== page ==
In the past month, two Chicago lives have been claimed in a tragic accident involving a falling television. In the most recent incident, a 3-year-old girl was killed when she was struck by a falling TV in her South Chicago home. The other victim was a six-year-old boy who was struck by a 32-inch television in the basement of his home in Arlington Heights.
Both children sustained massive traumatic brain injuries, from which they died.
Sadly, this accident was not isolated. In fact, around 17,000 children are taken to emergency rooms each year in America because of heavy or unstable furniture – including televisions – falling on top of them. The current rate is a 41 percent increase over the rate two decades ago. And nearly half of all these injuries are from televisions.
Our law firm is no stranger to these type of injuries. In fact, Stephen M. Passen of Passen Law Group secured a $19 million jury verdict on behalf of a 9-year-old boy who sustained traumatic brain injuries when a TV fell onto his head in an unsupervised classroom of a private school in Chicago.
Unsurprisingly, the increase in this rate of injuries correlates perfectly with the increase in the popularity of larger and flat-screened televisions. At the same time, Americans moved towards narrower entertainment centers and stands to match the flatter televisions. But narrower stands and entertainment centers are also less stable.
In many cases, children escape from falling furniture with only minor injuries. But about 3 percent of victims require hospitalization. Many of those suffer head and neck injuries – often leaving them with permanent brain injuries or paralysis. And around 20 children die from these injuries each year.
The increase in the rate of injuries in recent years has been despite efforts by industry and regulators to combat the problem. In 2004, ASTM International (previously known as the American Society for Testing and Materials) issued new voluntary manufacturing standards designed to prevent furniture from tipping over. In 2005, Congress considered legislation setting standards for furniture that “poses a substantial risk of tipping” or which contains a glass pane or surface. It died in committee in 2005, then again in 2007. As of today, no government standards requiring testing, safety straps, or anchor mechanisms have been put in place.
But while certain designs are inherently flawed, in many cases there is only so much that even the best designs have accomplished. Researchers at the University of Pennsylvania found in 2006 that flat-panel televisions were weighing in at 100 pounds or more, but with a thin design that is inherently unstable. Americans then expect these devices to balance on lightweight stands, or hang from wall brackets.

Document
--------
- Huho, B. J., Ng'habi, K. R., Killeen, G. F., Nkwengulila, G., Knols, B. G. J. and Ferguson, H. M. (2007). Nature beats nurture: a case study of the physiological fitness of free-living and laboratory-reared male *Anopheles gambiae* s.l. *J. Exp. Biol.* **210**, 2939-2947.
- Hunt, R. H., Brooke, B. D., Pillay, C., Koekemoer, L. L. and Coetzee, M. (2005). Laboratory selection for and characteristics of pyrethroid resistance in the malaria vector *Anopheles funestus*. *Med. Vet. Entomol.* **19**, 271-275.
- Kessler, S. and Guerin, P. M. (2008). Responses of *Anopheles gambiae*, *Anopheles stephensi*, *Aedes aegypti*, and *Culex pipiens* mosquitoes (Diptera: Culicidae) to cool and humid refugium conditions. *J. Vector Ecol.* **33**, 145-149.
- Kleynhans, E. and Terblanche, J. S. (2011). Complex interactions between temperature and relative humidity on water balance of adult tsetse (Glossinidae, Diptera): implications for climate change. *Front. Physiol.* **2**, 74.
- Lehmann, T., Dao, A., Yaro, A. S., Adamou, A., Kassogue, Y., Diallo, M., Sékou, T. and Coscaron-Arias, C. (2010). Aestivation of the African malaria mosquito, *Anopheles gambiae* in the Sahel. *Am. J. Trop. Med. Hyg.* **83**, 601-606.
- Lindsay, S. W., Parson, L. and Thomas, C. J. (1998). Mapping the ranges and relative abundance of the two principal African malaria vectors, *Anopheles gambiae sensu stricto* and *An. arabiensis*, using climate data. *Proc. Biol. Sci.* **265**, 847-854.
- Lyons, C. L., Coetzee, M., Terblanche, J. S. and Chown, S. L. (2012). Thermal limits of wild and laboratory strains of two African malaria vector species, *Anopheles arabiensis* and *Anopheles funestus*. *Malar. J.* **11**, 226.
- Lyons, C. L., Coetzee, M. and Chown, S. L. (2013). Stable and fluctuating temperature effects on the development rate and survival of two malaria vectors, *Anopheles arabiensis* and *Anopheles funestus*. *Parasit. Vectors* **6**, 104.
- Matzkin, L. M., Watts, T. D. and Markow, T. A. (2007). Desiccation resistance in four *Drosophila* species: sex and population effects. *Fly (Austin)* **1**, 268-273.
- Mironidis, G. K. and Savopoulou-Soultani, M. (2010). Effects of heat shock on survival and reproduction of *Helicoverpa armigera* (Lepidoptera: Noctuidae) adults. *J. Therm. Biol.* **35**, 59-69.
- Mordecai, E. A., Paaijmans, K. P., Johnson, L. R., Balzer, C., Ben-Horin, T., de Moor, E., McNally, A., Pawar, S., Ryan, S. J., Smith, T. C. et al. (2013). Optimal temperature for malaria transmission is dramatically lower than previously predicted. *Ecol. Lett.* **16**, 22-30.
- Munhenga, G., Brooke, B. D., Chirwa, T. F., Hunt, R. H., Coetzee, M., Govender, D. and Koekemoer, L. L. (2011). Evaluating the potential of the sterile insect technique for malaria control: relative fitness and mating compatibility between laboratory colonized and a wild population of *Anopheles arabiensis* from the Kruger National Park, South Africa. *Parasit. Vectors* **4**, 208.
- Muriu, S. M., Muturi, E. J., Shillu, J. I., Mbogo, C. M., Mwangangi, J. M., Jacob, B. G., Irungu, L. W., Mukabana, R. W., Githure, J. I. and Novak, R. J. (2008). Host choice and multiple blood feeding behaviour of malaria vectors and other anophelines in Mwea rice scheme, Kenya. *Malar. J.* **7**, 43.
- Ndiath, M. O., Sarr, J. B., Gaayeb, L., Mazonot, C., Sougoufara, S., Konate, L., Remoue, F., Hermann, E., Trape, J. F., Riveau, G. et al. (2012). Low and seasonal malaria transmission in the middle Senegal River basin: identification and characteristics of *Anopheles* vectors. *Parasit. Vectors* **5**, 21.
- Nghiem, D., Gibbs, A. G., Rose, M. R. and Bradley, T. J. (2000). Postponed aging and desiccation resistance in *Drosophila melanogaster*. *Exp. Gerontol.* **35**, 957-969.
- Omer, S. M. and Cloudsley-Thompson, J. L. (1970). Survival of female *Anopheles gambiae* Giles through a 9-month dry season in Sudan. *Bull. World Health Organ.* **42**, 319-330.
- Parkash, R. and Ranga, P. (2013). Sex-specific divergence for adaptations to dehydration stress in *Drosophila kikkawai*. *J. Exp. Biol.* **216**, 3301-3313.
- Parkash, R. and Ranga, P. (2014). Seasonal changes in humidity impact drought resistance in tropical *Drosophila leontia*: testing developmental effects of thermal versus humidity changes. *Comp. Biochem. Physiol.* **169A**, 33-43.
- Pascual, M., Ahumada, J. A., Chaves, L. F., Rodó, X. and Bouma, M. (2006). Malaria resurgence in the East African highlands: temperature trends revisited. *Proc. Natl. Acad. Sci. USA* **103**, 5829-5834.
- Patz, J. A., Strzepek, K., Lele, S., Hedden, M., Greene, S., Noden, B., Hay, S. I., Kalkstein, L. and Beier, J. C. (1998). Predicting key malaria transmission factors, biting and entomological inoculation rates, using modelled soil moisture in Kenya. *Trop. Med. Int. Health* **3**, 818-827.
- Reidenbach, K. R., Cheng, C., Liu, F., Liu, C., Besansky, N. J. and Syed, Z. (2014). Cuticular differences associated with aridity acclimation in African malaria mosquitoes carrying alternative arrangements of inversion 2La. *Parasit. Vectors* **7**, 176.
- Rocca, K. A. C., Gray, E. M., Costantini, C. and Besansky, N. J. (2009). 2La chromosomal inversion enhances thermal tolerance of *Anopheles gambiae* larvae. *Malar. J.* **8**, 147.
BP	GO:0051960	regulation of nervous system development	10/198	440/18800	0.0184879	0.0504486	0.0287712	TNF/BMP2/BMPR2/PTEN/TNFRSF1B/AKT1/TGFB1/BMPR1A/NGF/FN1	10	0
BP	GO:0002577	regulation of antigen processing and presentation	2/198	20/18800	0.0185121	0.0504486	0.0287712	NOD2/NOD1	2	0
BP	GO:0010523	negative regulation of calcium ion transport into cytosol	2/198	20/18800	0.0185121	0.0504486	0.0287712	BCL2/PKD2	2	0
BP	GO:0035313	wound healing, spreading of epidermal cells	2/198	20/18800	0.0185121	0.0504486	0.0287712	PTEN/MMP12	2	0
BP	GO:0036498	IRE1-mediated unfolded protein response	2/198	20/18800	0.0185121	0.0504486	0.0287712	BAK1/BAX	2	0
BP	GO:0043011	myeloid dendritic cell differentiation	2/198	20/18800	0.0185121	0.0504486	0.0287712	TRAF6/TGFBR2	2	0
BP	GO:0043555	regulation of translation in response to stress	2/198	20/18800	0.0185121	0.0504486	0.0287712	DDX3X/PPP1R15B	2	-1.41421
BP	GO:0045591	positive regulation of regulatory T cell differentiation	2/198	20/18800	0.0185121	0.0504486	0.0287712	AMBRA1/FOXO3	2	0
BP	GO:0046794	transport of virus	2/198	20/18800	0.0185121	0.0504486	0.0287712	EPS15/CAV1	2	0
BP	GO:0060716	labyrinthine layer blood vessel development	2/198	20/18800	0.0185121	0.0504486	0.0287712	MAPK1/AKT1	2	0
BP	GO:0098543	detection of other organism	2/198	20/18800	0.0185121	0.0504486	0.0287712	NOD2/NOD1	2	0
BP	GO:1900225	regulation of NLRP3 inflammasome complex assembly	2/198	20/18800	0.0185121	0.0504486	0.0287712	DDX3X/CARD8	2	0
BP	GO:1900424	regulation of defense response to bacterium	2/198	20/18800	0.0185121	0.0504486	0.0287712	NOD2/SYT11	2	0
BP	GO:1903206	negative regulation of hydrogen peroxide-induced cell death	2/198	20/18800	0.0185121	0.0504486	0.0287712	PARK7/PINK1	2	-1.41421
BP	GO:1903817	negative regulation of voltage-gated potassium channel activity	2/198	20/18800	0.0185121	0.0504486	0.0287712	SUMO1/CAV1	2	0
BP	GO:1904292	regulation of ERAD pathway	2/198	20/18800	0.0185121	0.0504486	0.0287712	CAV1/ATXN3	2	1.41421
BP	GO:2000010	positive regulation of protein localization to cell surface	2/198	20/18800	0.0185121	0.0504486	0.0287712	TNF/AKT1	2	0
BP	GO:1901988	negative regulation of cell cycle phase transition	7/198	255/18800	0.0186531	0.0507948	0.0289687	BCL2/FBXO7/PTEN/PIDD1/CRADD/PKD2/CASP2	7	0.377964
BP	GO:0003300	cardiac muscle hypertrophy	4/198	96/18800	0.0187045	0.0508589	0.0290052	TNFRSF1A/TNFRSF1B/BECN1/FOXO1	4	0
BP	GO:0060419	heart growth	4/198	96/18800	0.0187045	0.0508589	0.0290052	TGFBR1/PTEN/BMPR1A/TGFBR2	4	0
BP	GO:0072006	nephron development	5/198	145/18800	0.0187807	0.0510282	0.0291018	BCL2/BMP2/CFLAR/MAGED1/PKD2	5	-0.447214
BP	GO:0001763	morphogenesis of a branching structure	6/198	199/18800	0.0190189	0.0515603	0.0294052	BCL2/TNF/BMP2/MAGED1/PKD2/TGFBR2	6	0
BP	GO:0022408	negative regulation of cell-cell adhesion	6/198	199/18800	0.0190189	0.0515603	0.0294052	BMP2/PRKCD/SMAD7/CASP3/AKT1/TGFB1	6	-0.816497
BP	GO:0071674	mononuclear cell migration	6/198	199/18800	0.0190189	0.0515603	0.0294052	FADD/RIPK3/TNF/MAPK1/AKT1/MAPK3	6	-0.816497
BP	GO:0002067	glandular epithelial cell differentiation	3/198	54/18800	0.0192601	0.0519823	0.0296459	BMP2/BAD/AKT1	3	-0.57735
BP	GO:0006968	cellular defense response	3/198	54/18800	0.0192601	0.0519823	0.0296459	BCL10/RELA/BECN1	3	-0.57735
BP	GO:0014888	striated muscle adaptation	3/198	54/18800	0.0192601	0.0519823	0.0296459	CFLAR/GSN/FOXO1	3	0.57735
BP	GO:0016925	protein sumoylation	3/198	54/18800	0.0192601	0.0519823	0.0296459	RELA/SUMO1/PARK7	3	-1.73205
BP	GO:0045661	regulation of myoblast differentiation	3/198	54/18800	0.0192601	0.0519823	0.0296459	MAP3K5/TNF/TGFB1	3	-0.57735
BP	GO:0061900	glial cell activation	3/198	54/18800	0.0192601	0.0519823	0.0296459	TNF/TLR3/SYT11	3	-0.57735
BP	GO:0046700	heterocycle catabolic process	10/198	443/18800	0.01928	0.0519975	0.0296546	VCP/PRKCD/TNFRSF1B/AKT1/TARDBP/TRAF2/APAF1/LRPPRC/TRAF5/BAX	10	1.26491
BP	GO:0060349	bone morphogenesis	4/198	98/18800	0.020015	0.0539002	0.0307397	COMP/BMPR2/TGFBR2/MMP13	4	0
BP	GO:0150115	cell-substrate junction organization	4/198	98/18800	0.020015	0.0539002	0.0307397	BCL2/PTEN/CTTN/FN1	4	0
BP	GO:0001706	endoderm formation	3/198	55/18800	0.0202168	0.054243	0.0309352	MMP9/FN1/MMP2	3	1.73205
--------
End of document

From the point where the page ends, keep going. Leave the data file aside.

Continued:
How to Protect Your Children
How can you protect your children from this type of injury? First, use extra care, particularly when children are younger: three-quarters of the children injured by falling televisions and other furniture are under the age of six. According to the Center for Injury Research and Policy at Nationwide Children’s Hospital, children under six “simply don’t recognize the danger of climbing on furniture.”
Second, double-check your method of displaying your flat-screen. Use only stands rated for your television model and size, and choose a heavier, larger stand when possible. If you choose to wall-mount your flat-screen television, have the installation professionally done.
Parents and other caregivers can also take physical precautions to prevent injuries. Those with small children in the house should secure all heavy furniture, particularly top-heavy furniture and televisions. Other safety steps include:
- Place televisions close to the ground, and towards the back of any stand or supporting furniture.
- Use safety straps or L-brackets to secure televisions and other heavy furniture to the wall.
- Select only furniture with solid bases and wide legs.
- Install drawer stops, and place heavier items in lower drawers.
- Never place enticing items like toys, remote controls, etc., on top of heavy furniture or televisions: this only encourages children to climb.
And then there is the most important precaution of all: supervise young children at all times. If your child spends time in the care of others, inspect the premises and demand that televisions and other large items be secured. Televisions in day cares can fall just as easily as those at home – last year, an unsecured television in an Indiana day care broke the cheeks, nose, jaw, palate, and eye sockets of a two-year-old girl when it fell. She needed multiple reconstructive surgeries simply to regain a functional face.
If you have any questions about a possible serious injury or wrongful death claim, please give us a call us at 312-527-4500 or email us at firstname.lastname@example.org for a complimentary consultation. You can also learn more by following us on Twitter, reviewing our LinkedIn or Avvo.com pages, and by reviewing our website.